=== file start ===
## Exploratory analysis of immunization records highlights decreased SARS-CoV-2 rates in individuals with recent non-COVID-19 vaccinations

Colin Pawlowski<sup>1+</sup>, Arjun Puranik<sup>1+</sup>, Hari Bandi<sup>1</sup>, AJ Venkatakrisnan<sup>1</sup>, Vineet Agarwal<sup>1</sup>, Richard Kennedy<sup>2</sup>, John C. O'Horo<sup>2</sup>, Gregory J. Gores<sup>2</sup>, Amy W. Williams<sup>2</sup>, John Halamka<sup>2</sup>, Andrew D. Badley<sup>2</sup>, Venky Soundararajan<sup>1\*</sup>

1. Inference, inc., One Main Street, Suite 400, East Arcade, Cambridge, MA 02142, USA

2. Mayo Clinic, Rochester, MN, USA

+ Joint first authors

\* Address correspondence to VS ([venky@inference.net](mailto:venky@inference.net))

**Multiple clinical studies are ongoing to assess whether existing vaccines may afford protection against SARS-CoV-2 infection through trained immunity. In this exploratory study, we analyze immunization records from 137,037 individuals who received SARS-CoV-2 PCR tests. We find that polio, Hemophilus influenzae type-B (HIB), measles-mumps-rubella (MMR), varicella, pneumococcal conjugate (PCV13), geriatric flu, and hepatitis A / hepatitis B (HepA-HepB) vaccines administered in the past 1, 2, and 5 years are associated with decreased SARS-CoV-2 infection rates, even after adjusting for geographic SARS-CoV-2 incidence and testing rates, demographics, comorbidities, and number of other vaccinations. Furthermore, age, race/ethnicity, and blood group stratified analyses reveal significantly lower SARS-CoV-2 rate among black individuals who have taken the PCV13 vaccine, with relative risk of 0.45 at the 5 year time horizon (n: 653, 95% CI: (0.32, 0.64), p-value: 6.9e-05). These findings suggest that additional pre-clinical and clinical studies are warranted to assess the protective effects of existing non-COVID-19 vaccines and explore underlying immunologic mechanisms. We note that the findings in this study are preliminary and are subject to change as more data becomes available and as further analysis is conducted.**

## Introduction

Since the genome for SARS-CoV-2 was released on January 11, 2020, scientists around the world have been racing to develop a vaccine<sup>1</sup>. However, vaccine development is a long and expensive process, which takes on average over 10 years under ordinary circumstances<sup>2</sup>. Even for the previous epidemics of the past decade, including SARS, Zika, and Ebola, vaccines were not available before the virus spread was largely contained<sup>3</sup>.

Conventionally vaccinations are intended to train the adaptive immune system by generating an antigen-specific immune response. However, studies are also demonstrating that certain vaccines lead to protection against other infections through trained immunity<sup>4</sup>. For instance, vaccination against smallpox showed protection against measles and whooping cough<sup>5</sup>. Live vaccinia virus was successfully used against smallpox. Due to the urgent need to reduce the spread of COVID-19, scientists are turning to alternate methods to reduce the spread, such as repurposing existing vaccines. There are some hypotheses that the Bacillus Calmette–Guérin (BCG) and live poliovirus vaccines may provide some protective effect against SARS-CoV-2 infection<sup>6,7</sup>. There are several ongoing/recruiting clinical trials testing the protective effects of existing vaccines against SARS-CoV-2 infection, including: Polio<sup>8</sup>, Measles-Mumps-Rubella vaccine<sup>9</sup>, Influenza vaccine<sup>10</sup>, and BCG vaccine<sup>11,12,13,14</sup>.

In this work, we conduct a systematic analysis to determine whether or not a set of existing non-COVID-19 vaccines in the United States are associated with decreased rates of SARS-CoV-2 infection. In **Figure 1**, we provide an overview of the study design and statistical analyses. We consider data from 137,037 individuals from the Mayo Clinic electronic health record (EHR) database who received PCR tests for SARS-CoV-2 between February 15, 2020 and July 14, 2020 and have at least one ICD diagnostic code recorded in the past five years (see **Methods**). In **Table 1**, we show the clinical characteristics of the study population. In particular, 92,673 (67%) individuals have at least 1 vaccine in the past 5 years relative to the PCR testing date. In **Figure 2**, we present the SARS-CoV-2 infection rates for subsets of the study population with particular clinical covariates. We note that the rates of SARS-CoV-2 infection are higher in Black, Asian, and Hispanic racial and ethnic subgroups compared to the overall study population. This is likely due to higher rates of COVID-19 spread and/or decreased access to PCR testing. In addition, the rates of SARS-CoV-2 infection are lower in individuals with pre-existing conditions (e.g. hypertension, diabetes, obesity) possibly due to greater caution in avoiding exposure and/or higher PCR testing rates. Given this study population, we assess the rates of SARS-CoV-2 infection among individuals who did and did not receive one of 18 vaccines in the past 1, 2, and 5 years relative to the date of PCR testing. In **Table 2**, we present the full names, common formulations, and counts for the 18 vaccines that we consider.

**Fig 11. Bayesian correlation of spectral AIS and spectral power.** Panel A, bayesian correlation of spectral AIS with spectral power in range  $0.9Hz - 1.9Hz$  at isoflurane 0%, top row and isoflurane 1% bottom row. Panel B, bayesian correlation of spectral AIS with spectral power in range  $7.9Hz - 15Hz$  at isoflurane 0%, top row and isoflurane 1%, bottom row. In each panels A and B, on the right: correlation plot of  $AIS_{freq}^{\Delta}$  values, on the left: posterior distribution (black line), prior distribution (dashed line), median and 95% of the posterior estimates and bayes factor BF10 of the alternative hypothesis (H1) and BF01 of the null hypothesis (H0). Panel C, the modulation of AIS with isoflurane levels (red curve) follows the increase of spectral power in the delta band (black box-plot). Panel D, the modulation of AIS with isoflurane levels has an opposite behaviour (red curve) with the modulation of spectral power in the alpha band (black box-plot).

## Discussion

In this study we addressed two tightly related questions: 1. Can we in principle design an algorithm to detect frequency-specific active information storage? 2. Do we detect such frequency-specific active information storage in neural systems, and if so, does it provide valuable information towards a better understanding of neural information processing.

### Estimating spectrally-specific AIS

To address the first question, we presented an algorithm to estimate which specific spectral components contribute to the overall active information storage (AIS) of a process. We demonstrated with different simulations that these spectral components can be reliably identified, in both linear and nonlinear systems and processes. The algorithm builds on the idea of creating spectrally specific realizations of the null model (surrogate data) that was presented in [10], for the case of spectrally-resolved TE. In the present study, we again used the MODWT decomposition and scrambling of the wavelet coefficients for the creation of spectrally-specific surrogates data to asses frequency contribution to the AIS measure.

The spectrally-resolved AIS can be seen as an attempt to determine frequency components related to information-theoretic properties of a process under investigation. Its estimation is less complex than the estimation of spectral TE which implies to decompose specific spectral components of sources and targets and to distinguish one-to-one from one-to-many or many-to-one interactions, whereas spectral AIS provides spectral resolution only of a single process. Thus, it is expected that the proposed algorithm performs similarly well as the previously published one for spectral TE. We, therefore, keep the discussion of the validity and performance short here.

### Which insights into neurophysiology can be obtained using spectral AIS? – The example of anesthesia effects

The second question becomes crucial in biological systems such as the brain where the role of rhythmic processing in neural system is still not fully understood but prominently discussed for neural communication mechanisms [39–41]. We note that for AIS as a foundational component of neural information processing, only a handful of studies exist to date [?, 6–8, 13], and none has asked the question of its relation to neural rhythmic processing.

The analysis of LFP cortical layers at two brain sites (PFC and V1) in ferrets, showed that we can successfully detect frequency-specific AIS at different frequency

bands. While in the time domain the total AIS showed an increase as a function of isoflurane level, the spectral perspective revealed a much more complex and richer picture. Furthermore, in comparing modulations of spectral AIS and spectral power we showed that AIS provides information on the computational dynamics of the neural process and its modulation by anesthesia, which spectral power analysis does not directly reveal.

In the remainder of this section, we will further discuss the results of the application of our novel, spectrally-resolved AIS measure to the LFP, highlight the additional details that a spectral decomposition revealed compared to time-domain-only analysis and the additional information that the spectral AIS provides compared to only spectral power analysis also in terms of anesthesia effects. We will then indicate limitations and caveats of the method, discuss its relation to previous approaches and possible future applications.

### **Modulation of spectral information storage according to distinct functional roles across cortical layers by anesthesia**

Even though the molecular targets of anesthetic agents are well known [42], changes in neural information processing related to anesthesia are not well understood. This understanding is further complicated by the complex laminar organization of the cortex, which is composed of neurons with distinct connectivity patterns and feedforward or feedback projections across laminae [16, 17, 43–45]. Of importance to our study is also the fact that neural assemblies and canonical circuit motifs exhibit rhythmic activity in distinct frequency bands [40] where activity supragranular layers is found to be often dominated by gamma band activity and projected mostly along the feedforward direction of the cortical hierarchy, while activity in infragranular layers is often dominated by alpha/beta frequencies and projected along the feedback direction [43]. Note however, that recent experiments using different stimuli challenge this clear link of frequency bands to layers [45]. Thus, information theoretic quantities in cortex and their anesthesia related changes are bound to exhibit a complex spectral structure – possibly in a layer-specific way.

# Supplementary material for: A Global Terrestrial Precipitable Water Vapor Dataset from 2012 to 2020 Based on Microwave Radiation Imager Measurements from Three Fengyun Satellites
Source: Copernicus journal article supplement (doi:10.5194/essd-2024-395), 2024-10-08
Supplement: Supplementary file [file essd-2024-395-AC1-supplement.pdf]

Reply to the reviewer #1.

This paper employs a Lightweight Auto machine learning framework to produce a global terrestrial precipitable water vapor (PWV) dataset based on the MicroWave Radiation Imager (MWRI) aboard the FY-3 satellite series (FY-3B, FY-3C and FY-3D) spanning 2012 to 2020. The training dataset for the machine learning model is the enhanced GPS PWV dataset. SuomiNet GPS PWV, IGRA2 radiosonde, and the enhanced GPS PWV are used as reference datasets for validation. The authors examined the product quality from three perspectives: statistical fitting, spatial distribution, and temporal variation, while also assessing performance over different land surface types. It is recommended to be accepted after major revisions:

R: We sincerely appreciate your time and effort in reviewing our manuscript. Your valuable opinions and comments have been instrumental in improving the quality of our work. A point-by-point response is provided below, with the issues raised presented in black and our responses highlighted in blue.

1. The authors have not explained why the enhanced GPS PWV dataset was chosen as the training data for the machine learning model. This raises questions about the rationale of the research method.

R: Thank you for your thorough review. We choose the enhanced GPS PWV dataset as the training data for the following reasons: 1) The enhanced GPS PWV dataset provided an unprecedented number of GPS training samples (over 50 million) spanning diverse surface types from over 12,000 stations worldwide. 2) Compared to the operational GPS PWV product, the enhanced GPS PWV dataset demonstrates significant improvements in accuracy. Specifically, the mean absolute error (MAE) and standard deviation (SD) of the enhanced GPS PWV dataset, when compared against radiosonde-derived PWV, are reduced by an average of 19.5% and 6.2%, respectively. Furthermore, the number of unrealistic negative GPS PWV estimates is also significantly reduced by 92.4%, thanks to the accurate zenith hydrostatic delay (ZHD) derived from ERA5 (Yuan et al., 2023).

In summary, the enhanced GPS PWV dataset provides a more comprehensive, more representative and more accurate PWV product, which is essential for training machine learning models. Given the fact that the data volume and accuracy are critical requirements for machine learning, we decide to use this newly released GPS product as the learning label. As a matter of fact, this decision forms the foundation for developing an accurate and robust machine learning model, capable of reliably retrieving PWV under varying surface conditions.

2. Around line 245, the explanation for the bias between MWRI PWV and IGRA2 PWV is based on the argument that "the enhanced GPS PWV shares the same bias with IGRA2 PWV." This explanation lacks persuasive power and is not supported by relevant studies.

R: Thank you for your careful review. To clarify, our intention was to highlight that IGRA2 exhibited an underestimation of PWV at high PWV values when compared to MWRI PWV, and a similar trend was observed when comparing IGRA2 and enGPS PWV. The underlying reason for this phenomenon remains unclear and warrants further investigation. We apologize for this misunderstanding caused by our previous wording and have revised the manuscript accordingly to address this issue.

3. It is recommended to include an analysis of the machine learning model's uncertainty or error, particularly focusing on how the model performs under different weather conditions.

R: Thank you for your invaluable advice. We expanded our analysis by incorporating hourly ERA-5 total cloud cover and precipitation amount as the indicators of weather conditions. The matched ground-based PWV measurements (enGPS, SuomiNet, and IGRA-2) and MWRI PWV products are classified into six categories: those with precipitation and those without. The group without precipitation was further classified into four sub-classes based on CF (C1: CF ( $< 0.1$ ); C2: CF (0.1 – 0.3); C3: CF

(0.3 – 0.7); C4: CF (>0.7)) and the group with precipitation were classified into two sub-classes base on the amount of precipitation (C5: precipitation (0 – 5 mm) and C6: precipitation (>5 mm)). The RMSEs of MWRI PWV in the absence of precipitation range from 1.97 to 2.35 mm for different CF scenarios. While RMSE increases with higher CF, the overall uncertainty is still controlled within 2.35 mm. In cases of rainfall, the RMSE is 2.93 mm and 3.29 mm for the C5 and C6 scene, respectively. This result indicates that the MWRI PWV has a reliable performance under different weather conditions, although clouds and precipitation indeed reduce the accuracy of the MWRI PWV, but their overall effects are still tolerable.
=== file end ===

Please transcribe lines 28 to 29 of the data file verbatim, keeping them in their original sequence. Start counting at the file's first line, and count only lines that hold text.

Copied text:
Reply to the reviewer #1.

This paper employs a Lightweight Auto machine learning framework to produce a global terrestrial precipitable water vapor (PWV) dataset based on the MicroWave Radiation Imager (MWRI) aboard the FY-3 satellite series (FY-3B, FY-3C and FY-3D) spanning 2012 to 2020. The training dataset for the machine learning model is the enhanced GPS PWV dataset. SuomiNet GPS PWV, IGRA2 radiosonde, and the enhanced GPS PWV are used as reference datasets for validation. The authors examined the product quality from three perspectives: statistical fitting, spatial distribution, and temporal variation, while also assessing performance over different land surface types. It is recommended to be accepted after major revisions: